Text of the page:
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News > Latin America

Anti-IMF Protests Take Place on Argentina's Independence Day

  • Demonstrators attend a protest against the President Mauricio Macri's government agreement with the International Monetary Fund (IMF) in Buenos Aires, Argentina, July 9, 2018.

    Demonstrators attend a protest against the President Mauricio Macri's government agreement with the International Monetary Fund (IMF) in Buenos Aires, Argentina, July 9, 2018. | Photo: Reuters

Published 9 July 2018

Thousands of Argentine demonstrators filled the streets of Buenos Aires telling President Mauricio Marci and the IMF: "INDEPENDENCE CAN'T BE NEGOTIATED."  

Thousands of Argentines took to the streets on the nation’s independence day - July 9 - to protest the government’s extreme austerity measures and recent IMF loan.

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Marchers yelled, "The homeland will not give up" and carried signs that read: "INDEPENDENCE CAN'T BE NEGOTIATED" and "NO TO THE IMF" as they symbolically marched along Buenos Aires’ main avenue - 9 de Julio - which bears the country’s date of independence.

The former governor of the Buenos Aires province, Felipe Sola told the multitudes that President Mauricio Macri’s economic plan is "creating hunger, misery, discontent in all classes, including in the middle class, where everything has been adjusted. No one can do anything anymore." He said that the government’s austerity plan ends with the signing of the International Monetary Fund (IMF) loan, formalized late last month.

Sola went on to say that only the government thinks the new loan, which reintroduced the IMF to Argentina after a 15-year hiatus, is a good idea. He said that’s the most "serious" problem.

The Macri administration approached the IMF in May to negotiate a last-ditch effort to salvage the country’s 23 percent inflation rate, devalued peso and overall collapsing economy.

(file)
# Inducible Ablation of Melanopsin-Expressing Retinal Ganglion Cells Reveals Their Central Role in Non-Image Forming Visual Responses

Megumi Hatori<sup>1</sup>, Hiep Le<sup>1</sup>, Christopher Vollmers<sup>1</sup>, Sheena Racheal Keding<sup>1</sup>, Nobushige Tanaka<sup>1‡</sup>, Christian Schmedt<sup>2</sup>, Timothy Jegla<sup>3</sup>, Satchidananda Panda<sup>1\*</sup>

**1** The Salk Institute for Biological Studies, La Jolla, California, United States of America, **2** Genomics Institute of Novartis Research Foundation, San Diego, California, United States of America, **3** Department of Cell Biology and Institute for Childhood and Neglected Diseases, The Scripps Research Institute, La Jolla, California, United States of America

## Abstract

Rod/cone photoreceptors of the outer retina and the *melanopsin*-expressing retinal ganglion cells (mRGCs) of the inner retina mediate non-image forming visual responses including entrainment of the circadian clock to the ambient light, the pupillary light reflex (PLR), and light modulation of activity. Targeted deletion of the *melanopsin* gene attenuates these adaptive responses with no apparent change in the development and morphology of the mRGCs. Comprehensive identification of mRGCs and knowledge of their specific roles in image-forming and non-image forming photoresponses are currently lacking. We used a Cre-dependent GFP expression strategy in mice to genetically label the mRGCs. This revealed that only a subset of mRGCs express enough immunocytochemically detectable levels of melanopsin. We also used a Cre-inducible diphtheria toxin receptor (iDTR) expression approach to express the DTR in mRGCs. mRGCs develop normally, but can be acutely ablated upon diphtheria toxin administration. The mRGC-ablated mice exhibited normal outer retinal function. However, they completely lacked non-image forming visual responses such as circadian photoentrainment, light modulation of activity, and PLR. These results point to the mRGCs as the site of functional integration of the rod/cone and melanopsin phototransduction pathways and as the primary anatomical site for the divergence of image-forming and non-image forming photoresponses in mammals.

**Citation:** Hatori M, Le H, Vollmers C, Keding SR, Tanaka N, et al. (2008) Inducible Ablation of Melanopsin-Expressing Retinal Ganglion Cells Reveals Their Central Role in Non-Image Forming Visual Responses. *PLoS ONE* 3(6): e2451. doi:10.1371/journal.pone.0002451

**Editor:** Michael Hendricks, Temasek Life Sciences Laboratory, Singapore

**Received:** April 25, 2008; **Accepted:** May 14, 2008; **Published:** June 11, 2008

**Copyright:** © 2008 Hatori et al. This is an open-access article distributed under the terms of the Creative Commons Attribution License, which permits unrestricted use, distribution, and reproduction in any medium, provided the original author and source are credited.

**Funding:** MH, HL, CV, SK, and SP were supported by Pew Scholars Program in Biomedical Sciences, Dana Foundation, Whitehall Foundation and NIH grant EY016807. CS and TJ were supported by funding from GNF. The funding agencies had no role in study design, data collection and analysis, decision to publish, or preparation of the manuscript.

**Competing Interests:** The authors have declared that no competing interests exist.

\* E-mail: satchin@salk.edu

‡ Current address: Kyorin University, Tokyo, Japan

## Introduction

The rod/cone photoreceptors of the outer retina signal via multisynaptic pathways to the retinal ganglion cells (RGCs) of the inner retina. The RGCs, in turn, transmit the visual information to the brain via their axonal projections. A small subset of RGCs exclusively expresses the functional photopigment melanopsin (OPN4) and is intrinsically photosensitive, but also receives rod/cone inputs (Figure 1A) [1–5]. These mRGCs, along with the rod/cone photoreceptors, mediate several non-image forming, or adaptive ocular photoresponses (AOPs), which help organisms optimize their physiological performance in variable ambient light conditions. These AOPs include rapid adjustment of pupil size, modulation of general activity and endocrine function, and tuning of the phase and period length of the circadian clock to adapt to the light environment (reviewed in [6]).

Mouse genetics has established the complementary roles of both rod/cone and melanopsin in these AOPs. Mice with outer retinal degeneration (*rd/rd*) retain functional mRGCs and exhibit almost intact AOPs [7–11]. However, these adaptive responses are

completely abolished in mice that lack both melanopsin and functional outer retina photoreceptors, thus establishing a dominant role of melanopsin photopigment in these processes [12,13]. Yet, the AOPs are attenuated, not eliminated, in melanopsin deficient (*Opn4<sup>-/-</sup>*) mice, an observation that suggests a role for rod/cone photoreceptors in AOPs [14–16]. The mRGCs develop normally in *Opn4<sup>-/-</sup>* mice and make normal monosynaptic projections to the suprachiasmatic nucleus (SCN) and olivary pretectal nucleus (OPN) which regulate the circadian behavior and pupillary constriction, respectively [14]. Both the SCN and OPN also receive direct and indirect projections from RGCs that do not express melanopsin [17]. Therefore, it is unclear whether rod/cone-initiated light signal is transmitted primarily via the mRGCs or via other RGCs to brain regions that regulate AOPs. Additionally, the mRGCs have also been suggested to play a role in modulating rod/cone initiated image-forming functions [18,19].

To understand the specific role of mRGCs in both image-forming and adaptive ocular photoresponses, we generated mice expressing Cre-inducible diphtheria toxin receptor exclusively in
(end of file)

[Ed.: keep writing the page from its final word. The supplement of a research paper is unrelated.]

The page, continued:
Rita, a mom, told national media, "it’s sad that on the day of our independence we have to be demanding not to lose it."

Like the majority of Argentines, Rita remembers how the conditions on the country’s IMF loan in the late 1990s brought about the country’s 2001-2002 economic crisis. She, like most others, also associates the IMF return with government repression and a loss of national sovereignty.

"The IMF is the total closure to the decisions we can take as a people. The people chose a government to represent them. We did not choose the IMF to make the decisions," Rita concluded.

President Macri was voted in in 2015 after courting the country’s poorest promising to slash poverty and unemployment while boosting welfare programs.

After only two years in office, the administration has already slashed energy and water subsidies, and government employment. Between November 2017 and June of this year, President Macri gouged gas, water, and electric subsidies, leading to rate increases that average 1,300 percent.

According to the Buenos Aires Times, in March alone, 14,500 people lost their jobs, 9,200 of whom were in the public sector. Another 350 state-media journalists were abruptly fired in June. Spending power is down and small businesses aren’t able to stay afloat causing some 13,200 entrepreneurs to go out of business last March.

While the administration has managed to decrease poverty by 2-3 percent, the current rate sits at 29 percent, and nearly half of all Argentine children live in poverty.  

Argentine actors, Carolina Papaleo and Gerardo Romano, read the Popular Proclamation of July 9, 2018, to the crowds on Monday announcing: "The foreign debt contracted by Mauricio Macri's government is illegal and illegitimate. It is meant exclusively to fill the pockets of a handful of large corporations.

"Let them pay it," read the actors, "and never come back to sacrifice the humble and exploited."

For his part, Macri said in an independence day speech in Tucuman, "We are going through a storm. We are experiencing a storm due to many circumstances. These include issues of our own management, external markets, and policies of previous governments."

The president went on to tell crowds they “must have confidence” in the government's goals and again asked "Argentines for greater sacrifices."

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